There is a substantial body of research documenting the fallout and negative outcomes of using punishment, corrections, and aversive training on puppies. That is a big topic and beyond the scope of this article. I have included a few resources at the end of this article and we cover the topic in depth in Puppy Culture and our Puppy Course so please check those resources for further understanding of why punishment is not recommended for puppies.
To Sum It Up
So, have enzymatic cleaner and paper towels at the ready any time you have your puppy out with you. When you catch your puppy “in the act” let him finish. Then congratulate yourself on being so clever and prepared, and clean it up right away.
We have tried many enzymatic cleaners and we find Simple Solution to be the most effective. We put it in a sprayer and have it ready on our counter for clean-up (NOT for spraying the puppy!!!!). We use heavy duty sprayers – this one is called “Professional Horse Sprayer” and we got it at Tractor Supply. Any equine supplier will have good heavy-duty sprayers.
That Was Not Satisfying
The advice I just gave is not in any way ground-breaking. It’s standard advice and an internet search is going to return 10,000 hits with that exact advice. Yet, somehow, pet owners are rarely satisfied with that answer. Why is that?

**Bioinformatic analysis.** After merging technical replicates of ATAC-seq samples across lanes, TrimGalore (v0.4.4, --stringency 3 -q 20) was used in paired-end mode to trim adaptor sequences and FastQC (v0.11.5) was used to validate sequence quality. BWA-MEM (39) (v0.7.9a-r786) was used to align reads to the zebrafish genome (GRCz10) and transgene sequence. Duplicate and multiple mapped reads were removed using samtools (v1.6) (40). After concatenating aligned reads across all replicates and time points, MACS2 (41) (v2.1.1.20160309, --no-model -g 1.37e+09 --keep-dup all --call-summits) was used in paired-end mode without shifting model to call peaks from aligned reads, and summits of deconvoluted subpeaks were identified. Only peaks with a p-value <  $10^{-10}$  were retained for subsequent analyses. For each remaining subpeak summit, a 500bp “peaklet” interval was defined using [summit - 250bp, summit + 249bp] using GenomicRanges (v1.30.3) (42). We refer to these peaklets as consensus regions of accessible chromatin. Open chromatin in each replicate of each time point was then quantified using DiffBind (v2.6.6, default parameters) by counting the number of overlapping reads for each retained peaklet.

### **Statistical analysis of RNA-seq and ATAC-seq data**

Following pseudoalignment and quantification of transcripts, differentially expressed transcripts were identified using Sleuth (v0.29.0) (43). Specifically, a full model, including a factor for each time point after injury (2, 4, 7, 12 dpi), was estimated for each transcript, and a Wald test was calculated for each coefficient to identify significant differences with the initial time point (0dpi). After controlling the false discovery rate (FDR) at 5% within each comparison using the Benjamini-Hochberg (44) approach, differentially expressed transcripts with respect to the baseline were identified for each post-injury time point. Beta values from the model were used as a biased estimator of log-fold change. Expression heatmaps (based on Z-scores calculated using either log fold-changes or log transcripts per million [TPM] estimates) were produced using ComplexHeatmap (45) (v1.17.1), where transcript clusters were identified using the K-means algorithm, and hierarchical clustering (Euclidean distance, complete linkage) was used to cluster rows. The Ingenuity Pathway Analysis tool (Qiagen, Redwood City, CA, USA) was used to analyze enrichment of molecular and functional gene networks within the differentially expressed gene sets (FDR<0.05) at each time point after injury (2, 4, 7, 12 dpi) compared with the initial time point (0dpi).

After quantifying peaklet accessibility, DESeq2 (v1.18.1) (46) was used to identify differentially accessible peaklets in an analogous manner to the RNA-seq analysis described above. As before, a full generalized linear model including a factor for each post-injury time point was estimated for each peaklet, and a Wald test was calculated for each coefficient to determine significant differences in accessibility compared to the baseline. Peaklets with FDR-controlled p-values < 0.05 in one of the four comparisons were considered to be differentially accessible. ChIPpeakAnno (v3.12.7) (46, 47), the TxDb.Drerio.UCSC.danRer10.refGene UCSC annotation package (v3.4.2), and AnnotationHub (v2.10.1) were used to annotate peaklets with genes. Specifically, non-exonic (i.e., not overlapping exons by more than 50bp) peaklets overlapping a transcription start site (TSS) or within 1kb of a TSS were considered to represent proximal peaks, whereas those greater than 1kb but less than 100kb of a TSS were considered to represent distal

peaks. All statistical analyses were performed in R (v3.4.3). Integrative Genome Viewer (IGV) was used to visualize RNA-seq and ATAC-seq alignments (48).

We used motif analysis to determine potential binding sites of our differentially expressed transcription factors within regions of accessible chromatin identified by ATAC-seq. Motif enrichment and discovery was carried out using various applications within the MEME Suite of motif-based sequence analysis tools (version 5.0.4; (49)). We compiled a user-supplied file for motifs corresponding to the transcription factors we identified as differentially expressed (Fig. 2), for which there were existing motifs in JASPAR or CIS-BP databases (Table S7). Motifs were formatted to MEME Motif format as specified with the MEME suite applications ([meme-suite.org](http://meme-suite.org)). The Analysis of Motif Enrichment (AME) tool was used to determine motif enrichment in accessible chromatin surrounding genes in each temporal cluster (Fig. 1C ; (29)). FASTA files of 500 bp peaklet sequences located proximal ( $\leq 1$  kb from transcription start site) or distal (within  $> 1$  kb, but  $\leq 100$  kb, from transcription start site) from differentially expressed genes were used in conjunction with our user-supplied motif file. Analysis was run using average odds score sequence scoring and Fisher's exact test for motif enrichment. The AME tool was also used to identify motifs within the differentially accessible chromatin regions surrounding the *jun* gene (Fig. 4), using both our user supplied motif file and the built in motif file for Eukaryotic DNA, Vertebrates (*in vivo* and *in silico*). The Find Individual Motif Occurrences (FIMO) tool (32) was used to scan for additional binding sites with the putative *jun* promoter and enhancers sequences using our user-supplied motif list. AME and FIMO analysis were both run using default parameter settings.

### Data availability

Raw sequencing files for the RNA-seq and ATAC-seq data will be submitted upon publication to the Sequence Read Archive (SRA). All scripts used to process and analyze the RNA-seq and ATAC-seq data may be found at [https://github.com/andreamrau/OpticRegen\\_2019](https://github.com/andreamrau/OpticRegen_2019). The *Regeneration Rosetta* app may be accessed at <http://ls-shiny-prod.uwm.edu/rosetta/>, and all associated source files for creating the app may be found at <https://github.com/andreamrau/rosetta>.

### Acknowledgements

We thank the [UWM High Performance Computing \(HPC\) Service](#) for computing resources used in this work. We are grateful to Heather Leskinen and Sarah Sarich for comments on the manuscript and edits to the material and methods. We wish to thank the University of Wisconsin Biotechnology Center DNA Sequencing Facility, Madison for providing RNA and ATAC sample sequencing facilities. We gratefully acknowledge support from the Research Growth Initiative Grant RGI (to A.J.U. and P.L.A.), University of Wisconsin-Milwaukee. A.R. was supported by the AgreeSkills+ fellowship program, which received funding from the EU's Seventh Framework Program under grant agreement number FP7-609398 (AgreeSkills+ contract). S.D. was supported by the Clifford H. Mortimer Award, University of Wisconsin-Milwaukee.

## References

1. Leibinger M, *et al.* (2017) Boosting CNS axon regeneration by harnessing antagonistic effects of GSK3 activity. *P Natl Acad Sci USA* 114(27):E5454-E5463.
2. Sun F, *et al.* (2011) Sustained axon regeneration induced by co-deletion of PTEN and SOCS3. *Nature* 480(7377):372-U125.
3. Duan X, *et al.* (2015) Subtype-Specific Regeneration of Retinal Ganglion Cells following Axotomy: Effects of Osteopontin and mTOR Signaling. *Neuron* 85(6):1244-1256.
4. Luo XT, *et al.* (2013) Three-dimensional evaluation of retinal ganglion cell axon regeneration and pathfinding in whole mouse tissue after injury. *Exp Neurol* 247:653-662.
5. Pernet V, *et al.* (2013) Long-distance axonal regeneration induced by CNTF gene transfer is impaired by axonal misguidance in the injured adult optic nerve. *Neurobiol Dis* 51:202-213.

I think it’s because they are really asking a different question. The real and deeper question which is contained within the question is, what do you do when “positive” methods fail? What do you do when you’ve done everything by the book, positive, good management, but the puppy still (pees, bites, ignores you…fill in the blank). Don’t we need to communicate to the puppy that he’s “wrong” with some kind of punishment?
And my answer always is, if you find yourself reaching for punishment, examine your expectations. You can tattoo that on your back, if you like.
If you are thinking that the only possible way a situation could work is if you use punishment or aversion or even mild corrections, if there truly is no way you can think of that reinforcement could get you the results you desire, look two steps back and try to set up things differently so the scenario never arises.
If you live next to a highway and your dog runs off leash and there is no way to keep him from running into the road and getting hit by a car other than a shock collar, look at your expectations. Running off leash in an unfenced area next to a highway is not a reasonable expectation. Use a leash or get a fence.
If your dog chews up and or breaks the delicate items you place on a low coffee table, move the items.
If you “catch” your dog voiding in the house, take your lumps. You are not going to fix the fail now. The fail happened when the puppy was inside the house at the time he had to go.
You may or may not have had control over the fail, but it’s important to realize that expecting no accidents from a puppy is not a reasonable expectation. The reason you feel compelled to reach for punishment or “instruct” the puppy is that you are assuming it’s wrong. It’s not wrong, it’s a right and natural part of the process. It’s your expectation that’s wrong.